For my father-in-law and everyone else, I have a question of my own: When will any of you be satisfied?
#2
I'm Pregnant Not Handicapped 

I used handicapped bathrooms and parking spaces (with negative consequences). It's a toss up in the Middle East; people are much more lenient with pregnant people than in western countries. I didn’t use being pregnant to get away with much at work, but in my personal life I wanted a little more leeway.
I was at the mall with a friend and thought I should have gone to the bathroom before leaving the conference we were both attending, but I didn't. We started laughing so hard I knew I had to go to the bathroom before it looked like my water had broken. I dashed to the bathroom without any of my belongings in the effort to get there faster. And before I came to the one with the stalls, I saw a female handicapped one. Without a second thought, I ducked inside. I may not have been in a wheelchair, but I was pregnant and my body in an altered state from what it normally was.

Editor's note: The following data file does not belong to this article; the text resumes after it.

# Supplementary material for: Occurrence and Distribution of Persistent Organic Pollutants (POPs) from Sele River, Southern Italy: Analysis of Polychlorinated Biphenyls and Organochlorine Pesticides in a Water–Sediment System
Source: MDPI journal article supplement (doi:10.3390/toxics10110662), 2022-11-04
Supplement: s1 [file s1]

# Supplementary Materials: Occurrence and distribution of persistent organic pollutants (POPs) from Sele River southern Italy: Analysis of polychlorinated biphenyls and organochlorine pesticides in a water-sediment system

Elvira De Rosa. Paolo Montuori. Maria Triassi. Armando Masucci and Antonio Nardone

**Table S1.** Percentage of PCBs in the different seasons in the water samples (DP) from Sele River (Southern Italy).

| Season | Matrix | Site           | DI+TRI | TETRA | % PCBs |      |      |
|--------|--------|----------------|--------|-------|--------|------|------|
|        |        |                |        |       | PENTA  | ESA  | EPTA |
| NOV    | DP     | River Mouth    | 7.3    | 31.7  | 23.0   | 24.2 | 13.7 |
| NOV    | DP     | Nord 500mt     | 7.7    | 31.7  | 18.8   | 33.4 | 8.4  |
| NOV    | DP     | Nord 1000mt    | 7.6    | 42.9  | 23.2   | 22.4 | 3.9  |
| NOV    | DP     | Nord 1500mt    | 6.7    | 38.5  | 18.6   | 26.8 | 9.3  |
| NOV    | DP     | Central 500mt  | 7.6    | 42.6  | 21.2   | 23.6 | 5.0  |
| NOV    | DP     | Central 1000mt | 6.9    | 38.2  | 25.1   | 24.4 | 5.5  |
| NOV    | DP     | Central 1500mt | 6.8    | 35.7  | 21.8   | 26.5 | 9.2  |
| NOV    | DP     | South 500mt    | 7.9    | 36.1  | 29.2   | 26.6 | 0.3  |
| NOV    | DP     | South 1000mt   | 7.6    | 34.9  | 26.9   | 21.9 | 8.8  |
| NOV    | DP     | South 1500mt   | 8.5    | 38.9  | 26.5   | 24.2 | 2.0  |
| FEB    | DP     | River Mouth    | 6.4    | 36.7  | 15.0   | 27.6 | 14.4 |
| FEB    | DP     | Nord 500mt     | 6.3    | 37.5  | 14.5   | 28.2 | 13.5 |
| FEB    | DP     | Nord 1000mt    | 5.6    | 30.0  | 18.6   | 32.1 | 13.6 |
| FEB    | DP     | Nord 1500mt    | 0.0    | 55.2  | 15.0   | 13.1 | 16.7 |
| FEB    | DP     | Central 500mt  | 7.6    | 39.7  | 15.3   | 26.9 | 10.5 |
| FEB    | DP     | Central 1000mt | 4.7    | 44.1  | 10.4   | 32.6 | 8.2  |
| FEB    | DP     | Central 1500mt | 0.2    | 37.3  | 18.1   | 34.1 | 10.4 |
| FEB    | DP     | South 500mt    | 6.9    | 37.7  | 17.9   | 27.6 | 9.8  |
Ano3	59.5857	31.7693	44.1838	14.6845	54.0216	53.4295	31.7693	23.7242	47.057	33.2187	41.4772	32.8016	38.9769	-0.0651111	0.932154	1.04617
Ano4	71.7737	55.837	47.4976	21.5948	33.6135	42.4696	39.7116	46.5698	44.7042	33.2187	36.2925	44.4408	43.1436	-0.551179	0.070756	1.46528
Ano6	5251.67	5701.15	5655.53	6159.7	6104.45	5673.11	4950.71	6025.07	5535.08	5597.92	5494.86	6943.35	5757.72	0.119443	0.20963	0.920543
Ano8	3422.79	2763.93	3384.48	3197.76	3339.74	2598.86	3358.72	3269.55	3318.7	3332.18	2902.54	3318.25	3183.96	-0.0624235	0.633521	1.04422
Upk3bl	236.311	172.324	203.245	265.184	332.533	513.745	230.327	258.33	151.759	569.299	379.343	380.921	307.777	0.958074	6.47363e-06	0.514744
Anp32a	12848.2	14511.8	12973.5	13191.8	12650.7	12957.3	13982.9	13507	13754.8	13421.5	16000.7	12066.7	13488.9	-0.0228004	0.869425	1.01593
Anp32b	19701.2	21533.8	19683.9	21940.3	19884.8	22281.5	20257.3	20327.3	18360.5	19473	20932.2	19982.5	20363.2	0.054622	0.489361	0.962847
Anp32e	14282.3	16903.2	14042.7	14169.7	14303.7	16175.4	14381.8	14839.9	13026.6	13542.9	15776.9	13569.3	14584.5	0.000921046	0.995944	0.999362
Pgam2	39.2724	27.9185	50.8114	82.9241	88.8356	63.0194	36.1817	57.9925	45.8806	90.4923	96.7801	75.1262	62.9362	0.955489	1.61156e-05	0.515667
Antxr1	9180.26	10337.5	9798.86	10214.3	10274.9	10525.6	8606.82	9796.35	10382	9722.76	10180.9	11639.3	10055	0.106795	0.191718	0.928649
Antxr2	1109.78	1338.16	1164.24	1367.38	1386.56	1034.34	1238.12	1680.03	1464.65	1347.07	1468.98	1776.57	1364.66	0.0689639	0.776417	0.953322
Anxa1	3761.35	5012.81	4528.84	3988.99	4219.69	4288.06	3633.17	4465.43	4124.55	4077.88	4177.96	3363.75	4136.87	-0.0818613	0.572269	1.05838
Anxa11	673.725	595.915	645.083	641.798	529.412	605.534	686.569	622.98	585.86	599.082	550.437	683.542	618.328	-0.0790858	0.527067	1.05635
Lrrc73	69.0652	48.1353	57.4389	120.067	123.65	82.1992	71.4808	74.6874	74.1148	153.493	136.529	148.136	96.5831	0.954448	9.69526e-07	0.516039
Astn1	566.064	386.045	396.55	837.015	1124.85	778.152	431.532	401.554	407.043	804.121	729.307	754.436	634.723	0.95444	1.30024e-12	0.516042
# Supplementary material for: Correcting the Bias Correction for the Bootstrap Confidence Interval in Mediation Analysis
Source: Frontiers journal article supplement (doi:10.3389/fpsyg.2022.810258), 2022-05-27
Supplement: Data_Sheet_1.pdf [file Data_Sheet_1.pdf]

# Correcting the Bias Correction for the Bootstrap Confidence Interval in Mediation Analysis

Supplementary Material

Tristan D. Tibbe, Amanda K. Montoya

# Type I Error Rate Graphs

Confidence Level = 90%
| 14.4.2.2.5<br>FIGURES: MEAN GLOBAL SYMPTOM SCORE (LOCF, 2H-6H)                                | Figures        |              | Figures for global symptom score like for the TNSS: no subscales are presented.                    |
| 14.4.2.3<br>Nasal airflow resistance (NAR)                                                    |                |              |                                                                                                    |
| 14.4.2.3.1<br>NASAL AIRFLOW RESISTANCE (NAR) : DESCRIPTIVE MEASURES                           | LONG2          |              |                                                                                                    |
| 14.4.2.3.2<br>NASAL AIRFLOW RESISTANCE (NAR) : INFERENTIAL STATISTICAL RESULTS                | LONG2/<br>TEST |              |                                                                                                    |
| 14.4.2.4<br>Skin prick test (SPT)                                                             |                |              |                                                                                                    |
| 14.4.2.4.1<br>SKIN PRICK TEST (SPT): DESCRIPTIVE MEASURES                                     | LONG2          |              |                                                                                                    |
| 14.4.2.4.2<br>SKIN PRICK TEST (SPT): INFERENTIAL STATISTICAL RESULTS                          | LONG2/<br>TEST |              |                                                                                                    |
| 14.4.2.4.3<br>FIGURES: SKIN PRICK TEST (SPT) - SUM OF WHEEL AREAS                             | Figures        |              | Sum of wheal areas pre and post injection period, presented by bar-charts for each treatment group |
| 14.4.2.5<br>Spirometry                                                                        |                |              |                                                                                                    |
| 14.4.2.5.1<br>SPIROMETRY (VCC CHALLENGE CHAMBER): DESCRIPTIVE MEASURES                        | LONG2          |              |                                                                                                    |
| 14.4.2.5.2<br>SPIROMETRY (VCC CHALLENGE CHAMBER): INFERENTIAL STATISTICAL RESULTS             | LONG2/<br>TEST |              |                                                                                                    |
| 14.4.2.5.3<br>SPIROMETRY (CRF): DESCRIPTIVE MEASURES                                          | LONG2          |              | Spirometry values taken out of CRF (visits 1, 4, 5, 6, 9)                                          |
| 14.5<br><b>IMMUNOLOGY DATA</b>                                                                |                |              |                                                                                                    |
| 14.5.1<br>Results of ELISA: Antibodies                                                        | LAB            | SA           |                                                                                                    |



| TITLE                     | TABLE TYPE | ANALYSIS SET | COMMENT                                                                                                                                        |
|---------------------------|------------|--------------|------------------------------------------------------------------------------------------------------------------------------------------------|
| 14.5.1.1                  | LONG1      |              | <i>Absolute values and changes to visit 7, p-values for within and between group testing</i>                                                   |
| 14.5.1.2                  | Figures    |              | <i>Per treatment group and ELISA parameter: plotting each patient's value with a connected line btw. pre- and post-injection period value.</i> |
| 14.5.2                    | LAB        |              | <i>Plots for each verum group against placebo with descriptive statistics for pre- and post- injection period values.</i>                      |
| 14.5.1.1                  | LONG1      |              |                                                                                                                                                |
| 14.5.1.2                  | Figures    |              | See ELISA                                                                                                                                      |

Imagine my relief turning to dismay when, after washing my hands, the lock wouldn't turn in the tumbler. I panicked because the person I was with didn't know where I was – in my rush to get to the bathroom – I didn't have my phone or my purse
There was I was: in a foreign country, at the mall, locked in a bathroom. If I hadn't been worried I'd spend all night in there, I would have laughed. Instead I started pounding on the door, unsure how I would communicate with the passerbys that I was stuck, reviewing my Arabic, hoping someone would hear me over the noise, as twenty minutes went by and my heart beat threatened to floor me.